This recipe is really simple, healthy, and delicious. We had it for dinner tonight, and Ari loved the avocado with the spaghetti squash, calling it the "perfect complement for the squash, much better than tomato sauce." I like my guacamole with some chunks, and so I decided to leave my sauce this way and mash the avocado by hand. Feel free to adapt this recipe and just put all the sauce ingredients in the blender for something much smoother.

I also found the chopped leeks add a nice mild onion-y flavor with a bit of crunch to what is otherwise very mushy, soft recipe. This recipe is very adaptable, so feel free to experiment. One variable I thought of but didn't try this time is roasting tomatoes and leeks or red onions with the squash in the oven for the last 20 minutes, and then chopping them and mixing them in during step 5.

One last thing I love about this recipe is that it is very filling because of the protein and fat in the avocado. Spaghetti squash in general can leave you feeling less than satisfied, but this dish works perfectly well as a main course because of how filling and satisfying it is.

If you try the suggested variation, or any other for that matter, please let us know how it goes in the comments - we'd love to hear about it!

Although it tastes delicious, the green sauce on the squash alone doesn't
look so appetizing, hence why I highly recommend garnishing before serving. 

Thursday, November 15, 2012

Apple Cider Pumpkin Doughnuts with Maple Glaze

So, I have a confession: I'm addicted to Pinterest. And since I love to cook, I follow many fellow foodies and constantly see awesome cooking and baking ideas. Recently, many different kinds of homemade doughnuts have filled up my feed and caught my attention (really, are doughnuts the new cake pops?). I couldn't find a recipe that had all the flavors I wanted in a fall doughnut, so I did what I usually end up doing and made up my own recipe inspired by a few of the recipes I found (like this one or this one).

We happen to have delicious apple cider made on a farm from our CSA, and I wanted to make sure to incorporate it into my dough. A lot of the recipes I found for doughnuts seemed to include sweet potatoes, squash, or pumpkin, which sounded amazing so I wanted to include that element in my recipe as well. I also decided to replace most, but not all, of the eggs and oil this recipe would require with applesauce, which usually makes for a nice baking substitute,  is healthier, and would complement the other flavors well. Lastly, I wanted these doughnuts to be baked and not fried, as I try to be pretty health-conscious in my cooking.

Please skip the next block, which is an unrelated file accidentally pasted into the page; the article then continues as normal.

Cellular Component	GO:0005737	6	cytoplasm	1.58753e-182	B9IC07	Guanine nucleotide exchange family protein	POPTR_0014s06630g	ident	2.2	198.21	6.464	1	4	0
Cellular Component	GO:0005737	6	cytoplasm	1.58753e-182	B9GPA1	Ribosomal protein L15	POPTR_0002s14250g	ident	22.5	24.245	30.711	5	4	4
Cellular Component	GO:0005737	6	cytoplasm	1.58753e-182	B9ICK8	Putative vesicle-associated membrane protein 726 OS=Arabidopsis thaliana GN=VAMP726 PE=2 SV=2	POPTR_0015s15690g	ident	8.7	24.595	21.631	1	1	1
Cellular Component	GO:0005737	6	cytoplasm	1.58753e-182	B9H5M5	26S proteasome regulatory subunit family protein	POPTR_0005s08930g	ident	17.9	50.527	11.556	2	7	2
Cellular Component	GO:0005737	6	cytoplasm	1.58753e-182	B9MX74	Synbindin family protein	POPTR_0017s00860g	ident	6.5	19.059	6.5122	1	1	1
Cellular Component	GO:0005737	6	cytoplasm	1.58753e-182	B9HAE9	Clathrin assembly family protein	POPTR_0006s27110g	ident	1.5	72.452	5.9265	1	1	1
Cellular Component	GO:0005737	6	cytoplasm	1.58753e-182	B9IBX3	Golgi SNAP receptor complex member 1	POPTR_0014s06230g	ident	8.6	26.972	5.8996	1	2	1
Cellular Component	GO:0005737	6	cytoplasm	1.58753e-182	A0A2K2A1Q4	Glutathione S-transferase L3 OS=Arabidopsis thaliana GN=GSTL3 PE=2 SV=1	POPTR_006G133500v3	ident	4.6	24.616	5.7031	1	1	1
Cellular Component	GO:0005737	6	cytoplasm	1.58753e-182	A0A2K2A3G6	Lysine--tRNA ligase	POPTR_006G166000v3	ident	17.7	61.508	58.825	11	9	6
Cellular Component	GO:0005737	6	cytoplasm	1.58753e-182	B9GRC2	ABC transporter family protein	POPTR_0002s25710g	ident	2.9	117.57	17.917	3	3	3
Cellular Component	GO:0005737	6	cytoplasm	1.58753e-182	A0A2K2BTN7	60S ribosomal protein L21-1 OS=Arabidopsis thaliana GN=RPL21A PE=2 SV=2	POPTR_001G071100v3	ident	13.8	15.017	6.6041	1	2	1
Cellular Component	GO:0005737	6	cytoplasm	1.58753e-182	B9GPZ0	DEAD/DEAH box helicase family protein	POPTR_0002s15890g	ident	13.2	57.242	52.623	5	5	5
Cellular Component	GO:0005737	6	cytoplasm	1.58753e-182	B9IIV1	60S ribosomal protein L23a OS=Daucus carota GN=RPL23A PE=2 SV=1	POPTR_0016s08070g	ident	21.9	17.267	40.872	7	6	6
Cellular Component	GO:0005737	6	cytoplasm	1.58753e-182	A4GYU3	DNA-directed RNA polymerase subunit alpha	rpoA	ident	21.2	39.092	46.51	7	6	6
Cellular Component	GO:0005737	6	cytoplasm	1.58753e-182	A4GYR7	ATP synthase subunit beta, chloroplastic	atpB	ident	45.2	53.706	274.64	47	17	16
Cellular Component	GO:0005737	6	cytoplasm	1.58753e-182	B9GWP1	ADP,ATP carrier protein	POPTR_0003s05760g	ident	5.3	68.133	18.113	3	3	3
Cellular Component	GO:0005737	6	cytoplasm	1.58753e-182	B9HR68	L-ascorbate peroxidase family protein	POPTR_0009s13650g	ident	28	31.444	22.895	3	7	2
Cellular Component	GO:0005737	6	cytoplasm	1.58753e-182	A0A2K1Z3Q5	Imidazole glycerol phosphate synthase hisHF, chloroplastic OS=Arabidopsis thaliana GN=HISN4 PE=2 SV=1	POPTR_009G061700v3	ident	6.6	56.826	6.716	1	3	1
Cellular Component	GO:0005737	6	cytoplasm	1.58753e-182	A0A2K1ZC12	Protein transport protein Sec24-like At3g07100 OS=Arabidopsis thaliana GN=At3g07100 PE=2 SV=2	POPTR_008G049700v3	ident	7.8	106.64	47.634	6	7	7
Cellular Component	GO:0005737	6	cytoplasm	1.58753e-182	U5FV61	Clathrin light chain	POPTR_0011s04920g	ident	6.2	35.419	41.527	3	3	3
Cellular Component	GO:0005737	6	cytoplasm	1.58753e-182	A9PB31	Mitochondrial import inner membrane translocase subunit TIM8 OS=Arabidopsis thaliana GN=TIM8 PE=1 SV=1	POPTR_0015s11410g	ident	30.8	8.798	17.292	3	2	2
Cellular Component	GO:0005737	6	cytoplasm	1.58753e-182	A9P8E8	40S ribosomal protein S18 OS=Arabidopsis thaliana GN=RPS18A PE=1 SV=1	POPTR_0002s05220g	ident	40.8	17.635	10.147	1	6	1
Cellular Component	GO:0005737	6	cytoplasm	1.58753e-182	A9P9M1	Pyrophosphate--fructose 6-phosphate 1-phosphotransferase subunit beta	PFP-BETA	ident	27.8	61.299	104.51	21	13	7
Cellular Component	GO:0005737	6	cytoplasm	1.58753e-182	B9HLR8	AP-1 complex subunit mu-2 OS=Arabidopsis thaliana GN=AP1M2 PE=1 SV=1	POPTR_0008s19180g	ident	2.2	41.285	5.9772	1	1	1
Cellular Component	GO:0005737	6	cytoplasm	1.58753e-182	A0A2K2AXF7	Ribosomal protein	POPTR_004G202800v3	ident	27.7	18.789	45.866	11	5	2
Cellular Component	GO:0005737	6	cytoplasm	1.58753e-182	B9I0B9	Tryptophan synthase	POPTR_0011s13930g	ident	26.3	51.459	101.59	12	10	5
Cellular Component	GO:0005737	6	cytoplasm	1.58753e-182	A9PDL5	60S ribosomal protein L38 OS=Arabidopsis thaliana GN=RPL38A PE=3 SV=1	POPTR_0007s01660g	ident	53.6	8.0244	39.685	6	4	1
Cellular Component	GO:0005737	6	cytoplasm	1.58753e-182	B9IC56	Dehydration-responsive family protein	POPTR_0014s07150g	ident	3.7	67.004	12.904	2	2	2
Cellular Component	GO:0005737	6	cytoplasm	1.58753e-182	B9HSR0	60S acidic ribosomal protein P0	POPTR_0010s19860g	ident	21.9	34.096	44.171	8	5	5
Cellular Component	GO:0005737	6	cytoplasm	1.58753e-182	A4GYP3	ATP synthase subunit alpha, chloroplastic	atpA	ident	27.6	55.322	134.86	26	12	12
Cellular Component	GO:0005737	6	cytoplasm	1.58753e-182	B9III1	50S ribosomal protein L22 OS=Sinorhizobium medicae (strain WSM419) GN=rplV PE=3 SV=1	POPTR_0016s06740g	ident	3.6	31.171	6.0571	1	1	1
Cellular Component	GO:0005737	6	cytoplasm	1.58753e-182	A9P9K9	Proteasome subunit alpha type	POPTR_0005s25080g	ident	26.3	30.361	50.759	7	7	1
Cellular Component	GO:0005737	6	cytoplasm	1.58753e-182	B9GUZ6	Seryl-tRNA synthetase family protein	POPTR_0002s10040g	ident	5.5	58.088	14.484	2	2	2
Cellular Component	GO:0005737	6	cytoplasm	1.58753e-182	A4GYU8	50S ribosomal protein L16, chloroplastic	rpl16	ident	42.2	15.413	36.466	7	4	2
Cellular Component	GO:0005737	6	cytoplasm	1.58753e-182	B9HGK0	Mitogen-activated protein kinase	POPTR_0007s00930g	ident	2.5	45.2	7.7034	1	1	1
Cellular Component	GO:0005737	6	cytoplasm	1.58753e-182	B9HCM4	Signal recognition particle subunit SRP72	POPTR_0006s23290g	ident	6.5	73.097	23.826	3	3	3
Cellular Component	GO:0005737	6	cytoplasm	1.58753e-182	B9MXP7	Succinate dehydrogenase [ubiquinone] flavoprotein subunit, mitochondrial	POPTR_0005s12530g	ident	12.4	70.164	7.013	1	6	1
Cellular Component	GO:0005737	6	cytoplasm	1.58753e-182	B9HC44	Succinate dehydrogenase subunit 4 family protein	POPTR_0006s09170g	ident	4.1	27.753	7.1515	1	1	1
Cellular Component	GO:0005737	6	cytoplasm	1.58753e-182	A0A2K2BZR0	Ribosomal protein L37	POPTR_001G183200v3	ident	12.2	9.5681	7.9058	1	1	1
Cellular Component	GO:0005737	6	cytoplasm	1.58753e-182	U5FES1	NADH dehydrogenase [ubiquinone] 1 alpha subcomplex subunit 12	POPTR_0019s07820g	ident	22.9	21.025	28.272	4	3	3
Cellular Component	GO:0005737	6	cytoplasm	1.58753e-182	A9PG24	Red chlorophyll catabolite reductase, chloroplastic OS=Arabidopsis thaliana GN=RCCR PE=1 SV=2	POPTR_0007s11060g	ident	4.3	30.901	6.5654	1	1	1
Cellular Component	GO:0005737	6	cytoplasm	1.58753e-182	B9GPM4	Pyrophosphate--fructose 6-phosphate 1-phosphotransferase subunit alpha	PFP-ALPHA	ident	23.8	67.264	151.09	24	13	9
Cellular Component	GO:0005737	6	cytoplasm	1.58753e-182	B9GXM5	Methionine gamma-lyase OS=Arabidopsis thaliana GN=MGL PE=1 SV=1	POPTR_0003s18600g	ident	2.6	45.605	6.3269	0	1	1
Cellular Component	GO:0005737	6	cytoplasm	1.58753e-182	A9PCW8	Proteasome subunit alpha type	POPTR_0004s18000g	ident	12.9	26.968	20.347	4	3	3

I did need to go out and buy doughnut pans, which I was (not so) secretly happy about because I love getting cooking gadgetry at the HomeGoods near our apartment. Any excuse to go there is a good excuse, even though our credit card bill might protest. Normally I try to avoid specialized gadgets that only have one kind of use, but these were cheap and don't take up too much storage space, so I went for it. However, in case you don't have and/or don't want to get doughnut tins, I left the option open to make these as muffins as well, which are also delicious. Actually, this recipe made more batter than you need for a dozen doughnuts, so I ended up making doughnuts and muffins.

These taste as good as they look

Monday, November 12, 2012

Pasta with Pumpkin Sauce

Have you ever wanted a bowl of pasta but were quite tired of the same old tomato or marinara sauce on pasta? Or if you're a little more old school and keep it clean with just garlic and olive oil, haven't you wished you could bring a new, fresh flavor into your bowl of pasta? I felt exactly that way last week, and I wanted a new sauce quickly (in about the time it took the pasta to cook).

I had a can of pumpkin around, and if you've been reading this blog from the beginning you might have gotten the hint that I am a culinary sucker for pumpkin. It's really just so versatile in how you can use it in so many dishes, either as a star or as part of the supporting cast. Faigy and I (if you haven't noticed, my wife and I are co-bloggers now; I lucked out with someone just as (if not more so) culinarily talented and inclined as myself) have been toying with the idea of making pumpkin gnocchi for quite some time now. Unfortunately it was a rather lazy Sunday so that wasn't happening. But we could do the next best thing - have pasta with some sort of pumpkin sauce.